Appellant contends further that, even if he was properly advised of his rights, he did not intelligently waive his right to counsel or his right to remain silent. Some of the evidence to which he refers, as a basis for such contention, is as follows: He had an eighth-grade education. He cannot read or speak English very well. He testified that he did not understand the meaning of the word ‘counsel,’ and that he had been drinking before the recorded conversation. The recording recites that he was asked whether he had any objection to the taping of the conversation, and he replied: ‘I don't know about it, you know. I'll go along with it.’ Immediately following the above reference in the recording, he was asked whether he had been advised of his right to counsel and his right to remain silent, and he replied, ‘Wah, what do you mean?’ The recording recites that he was asked whether he would give a written statement on what he had discussed with the officers, and that he replied: ‘No, when uh—when I go over there better, you know. * * * So I can talk to my family then. I know I am going to have to do it then, you know.’
Some of the evidence to which respondent refers, as showing that appellant had been advised of his rights and that he understood and intelligently waived his right to counsel and to remain silent, is as follows: The recording recites that appellant was asked, ‘Were you advised of your right to counsel?’; and that he replied, ‘Yes.’ The recording recites: ‘You understand that you don't have to say anything to us at all. Do you understand that?’; and that appellant replied, ‘Yeah.’ At a place in the recording, before appellant had said anything of an incriminating nature about stabbing or having a knife, the following statements were made: An officer said to appellant: ‘You've been advised of your rights by Sergeant Ketzenberger at the beginning of this.’ Appellant replied, ‘Yeah.’ The officer said, ‘Uh, to consult an attorney or remain silent, you don't have to say anything or sign anything.’ Appellant said: ‘Yeah, well uh—when I go, uh—I want to get an attorney or something.’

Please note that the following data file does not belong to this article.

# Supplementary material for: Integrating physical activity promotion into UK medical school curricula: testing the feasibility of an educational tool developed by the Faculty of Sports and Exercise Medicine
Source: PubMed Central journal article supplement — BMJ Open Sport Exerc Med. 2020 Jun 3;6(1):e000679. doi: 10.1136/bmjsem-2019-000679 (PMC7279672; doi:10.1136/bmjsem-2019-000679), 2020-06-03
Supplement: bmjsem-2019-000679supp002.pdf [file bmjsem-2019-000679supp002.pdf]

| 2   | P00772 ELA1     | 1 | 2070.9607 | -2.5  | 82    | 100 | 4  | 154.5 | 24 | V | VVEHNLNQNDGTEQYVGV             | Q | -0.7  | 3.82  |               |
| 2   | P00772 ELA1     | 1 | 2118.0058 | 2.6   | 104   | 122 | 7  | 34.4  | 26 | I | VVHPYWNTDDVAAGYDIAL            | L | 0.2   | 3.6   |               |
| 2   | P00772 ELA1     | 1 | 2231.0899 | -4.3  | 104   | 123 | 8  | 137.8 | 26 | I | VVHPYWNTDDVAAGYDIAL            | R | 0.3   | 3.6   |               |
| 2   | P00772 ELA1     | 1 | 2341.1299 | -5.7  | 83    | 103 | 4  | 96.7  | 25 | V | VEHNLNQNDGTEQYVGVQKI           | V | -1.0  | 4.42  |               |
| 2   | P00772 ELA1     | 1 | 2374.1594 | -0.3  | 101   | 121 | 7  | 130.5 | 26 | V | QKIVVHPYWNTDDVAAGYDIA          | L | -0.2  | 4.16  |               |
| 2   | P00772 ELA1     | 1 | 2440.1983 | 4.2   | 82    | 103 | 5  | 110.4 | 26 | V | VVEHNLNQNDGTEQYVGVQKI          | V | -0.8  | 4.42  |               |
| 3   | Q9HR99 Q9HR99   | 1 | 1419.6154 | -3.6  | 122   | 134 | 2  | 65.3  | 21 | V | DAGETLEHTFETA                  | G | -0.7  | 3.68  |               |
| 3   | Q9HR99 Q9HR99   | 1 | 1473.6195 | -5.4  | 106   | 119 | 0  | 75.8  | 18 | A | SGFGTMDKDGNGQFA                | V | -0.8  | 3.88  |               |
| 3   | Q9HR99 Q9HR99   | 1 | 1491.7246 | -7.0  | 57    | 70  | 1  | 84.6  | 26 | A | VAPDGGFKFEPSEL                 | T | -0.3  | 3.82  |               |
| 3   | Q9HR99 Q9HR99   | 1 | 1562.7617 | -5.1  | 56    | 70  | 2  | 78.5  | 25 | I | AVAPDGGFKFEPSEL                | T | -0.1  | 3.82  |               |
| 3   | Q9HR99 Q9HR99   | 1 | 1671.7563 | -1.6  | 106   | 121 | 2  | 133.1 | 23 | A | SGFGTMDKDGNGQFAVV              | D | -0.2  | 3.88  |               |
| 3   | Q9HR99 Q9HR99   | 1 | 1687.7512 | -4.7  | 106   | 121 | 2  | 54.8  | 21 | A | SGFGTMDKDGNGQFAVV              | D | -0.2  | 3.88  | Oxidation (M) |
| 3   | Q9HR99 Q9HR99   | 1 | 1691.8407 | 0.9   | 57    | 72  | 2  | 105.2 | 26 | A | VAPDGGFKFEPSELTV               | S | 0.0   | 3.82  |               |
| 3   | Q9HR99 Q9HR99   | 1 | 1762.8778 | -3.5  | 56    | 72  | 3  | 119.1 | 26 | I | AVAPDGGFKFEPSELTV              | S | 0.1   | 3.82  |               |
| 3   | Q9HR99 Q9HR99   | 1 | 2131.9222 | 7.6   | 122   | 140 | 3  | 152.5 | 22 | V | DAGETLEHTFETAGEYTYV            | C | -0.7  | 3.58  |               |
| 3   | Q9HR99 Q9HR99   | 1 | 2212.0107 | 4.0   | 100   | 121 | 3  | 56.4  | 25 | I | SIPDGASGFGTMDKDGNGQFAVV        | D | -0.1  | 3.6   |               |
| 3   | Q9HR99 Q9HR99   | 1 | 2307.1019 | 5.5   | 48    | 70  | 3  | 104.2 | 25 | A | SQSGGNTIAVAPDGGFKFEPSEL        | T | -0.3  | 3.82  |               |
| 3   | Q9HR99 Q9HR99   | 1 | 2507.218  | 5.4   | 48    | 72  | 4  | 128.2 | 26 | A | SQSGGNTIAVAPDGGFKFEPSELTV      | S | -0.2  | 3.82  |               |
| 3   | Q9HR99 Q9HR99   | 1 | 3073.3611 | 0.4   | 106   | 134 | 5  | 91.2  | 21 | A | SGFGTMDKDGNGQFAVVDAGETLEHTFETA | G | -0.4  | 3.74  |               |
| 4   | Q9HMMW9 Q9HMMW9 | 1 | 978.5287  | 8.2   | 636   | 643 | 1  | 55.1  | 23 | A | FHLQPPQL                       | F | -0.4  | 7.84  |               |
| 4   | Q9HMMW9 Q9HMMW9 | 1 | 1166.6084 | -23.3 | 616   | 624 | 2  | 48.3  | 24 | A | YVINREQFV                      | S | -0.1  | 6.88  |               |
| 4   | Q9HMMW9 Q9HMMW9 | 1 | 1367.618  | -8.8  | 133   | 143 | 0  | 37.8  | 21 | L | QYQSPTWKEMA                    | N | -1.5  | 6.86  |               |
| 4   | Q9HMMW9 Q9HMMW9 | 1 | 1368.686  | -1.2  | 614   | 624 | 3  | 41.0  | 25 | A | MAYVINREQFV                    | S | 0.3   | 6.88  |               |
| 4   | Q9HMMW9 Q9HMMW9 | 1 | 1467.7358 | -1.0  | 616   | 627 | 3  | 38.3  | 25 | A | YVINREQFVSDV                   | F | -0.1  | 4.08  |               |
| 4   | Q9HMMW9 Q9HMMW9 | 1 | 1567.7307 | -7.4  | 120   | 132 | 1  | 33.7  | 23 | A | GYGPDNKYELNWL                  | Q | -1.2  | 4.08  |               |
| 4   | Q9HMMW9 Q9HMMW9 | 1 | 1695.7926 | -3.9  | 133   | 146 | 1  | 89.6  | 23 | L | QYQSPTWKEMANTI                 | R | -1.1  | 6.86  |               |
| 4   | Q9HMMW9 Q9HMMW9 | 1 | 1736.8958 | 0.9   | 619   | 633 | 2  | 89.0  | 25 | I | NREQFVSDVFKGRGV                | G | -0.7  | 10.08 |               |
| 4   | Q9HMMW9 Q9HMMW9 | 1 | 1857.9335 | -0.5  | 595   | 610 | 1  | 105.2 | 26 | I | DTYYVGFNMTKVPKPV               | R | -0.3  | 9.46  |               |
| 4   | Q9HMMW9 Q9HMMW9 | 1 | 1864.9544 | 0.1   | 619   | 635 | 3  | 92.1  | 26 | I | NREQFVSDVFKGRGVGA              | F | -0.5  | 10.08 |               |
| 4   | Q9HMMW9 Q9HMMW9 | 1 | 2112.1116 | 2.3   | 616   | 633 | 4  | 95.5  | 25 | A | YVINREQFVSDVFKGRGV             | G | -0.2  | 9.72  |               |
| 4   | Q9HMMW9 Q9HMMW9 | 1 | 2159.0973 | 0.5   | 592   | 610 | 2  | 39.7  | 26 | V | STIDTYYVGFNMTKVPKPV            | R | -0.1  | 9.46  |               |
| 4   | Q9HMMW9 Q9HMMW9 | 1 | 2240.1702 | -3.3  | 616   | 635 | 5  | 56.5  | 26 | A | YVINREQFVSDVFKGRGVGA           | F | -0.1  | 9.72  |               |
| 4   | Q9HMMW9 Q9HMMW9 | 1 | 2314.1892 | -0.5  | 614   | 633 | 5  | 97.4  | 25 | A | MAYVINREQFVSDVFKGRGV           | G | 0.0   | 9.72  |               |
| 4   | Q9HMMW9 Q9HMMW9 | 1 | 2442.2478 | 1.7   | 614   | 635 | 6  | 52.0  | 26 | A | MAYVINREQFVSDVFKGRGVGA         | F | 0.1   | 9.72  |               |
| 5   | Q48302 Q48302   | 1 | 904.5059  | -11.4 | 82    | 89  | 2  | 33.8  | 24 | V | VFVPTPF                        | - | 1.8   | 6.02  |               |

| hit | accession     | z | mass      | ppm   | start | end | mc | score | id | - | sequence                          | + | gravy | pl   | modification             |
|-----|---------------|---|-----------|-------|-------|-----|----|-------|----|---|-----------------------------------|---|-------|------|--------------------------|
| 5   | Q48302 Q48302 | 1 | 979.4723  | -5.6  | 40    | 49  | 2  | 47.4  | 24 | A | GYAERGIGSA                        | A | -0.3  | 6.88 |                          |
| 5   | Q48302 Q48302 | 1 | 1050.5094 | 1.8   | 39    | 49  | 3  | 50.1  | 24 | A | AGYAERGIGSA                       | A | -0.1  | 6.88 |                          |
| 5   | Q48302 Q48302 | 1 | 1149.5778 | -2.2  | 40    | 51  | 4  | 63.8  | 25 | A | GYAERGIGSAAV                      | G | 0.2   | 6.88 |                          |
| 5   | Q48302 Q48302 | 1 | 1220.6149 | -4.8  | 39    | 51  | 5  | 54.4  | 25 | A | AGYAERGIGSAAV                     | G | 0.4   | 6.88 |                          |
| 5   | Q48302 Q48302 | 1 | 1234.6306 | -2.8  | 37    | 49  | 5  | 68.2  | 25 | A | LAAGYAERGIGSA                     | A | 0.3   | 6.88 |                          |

In addition to the above references in the recording, a transcript of the arraignment proceedings in Santa Barbara was received in evidence. The minutes of the arraignment state that defendant appeared without counsel, that he was advised of his rights and that he said that he preferred to hire his own attorney. Furthermore, when appellant was in the booking cell in Santa Maria on the morning of the stabbing, Officer Centeno advised him to his rights, and the appellant replied that he knew his ‘damn rights.’ The reocrd, which shows of course many statements by appellant, establishes that he can speak English. Although he testified that he had been drinking before the recorded conversation, it is to be noted that Officer Ketzenberger testified that appellant had been in custody about 22 hours before the conversation and he appeared to be sober and to understand what was said.
The trial judge herein conducted a hearing out of the presence of the jury to determine the question as to admissibility of the recording, and at that hearing the recording was played. At the close of the hearing, the judge said: ‘I am going to admit the statement (recording). * * * I feel that the defendant was sufficiently advised of his rights and the statement was voluntary. There was no evidence of any coercion or threat. The statement took less than one-half hour, less than an hour, rather to take. He was advised several times of his right to remain silent. I believe it was adequately stated that he had a right to an attorney.’ In People v. Stafford, 240 Cal.App.2d 422, 424, 49 Cal.Rptr. 598, it was said: ‘(T)he question of whether or not there has been a waiver is primarily a question for the trial judge and his determination thereon should not be disturbed by a reviewing court unless it is palpably erroneous.’ (See People v. Salcido, b 246 Cal.App.2d 450, 54 Cal.Rptr. 820.) The findings of the court to the effect that appellant intelligently waived his right to counsel and his right to remain silent are supported by the evidence.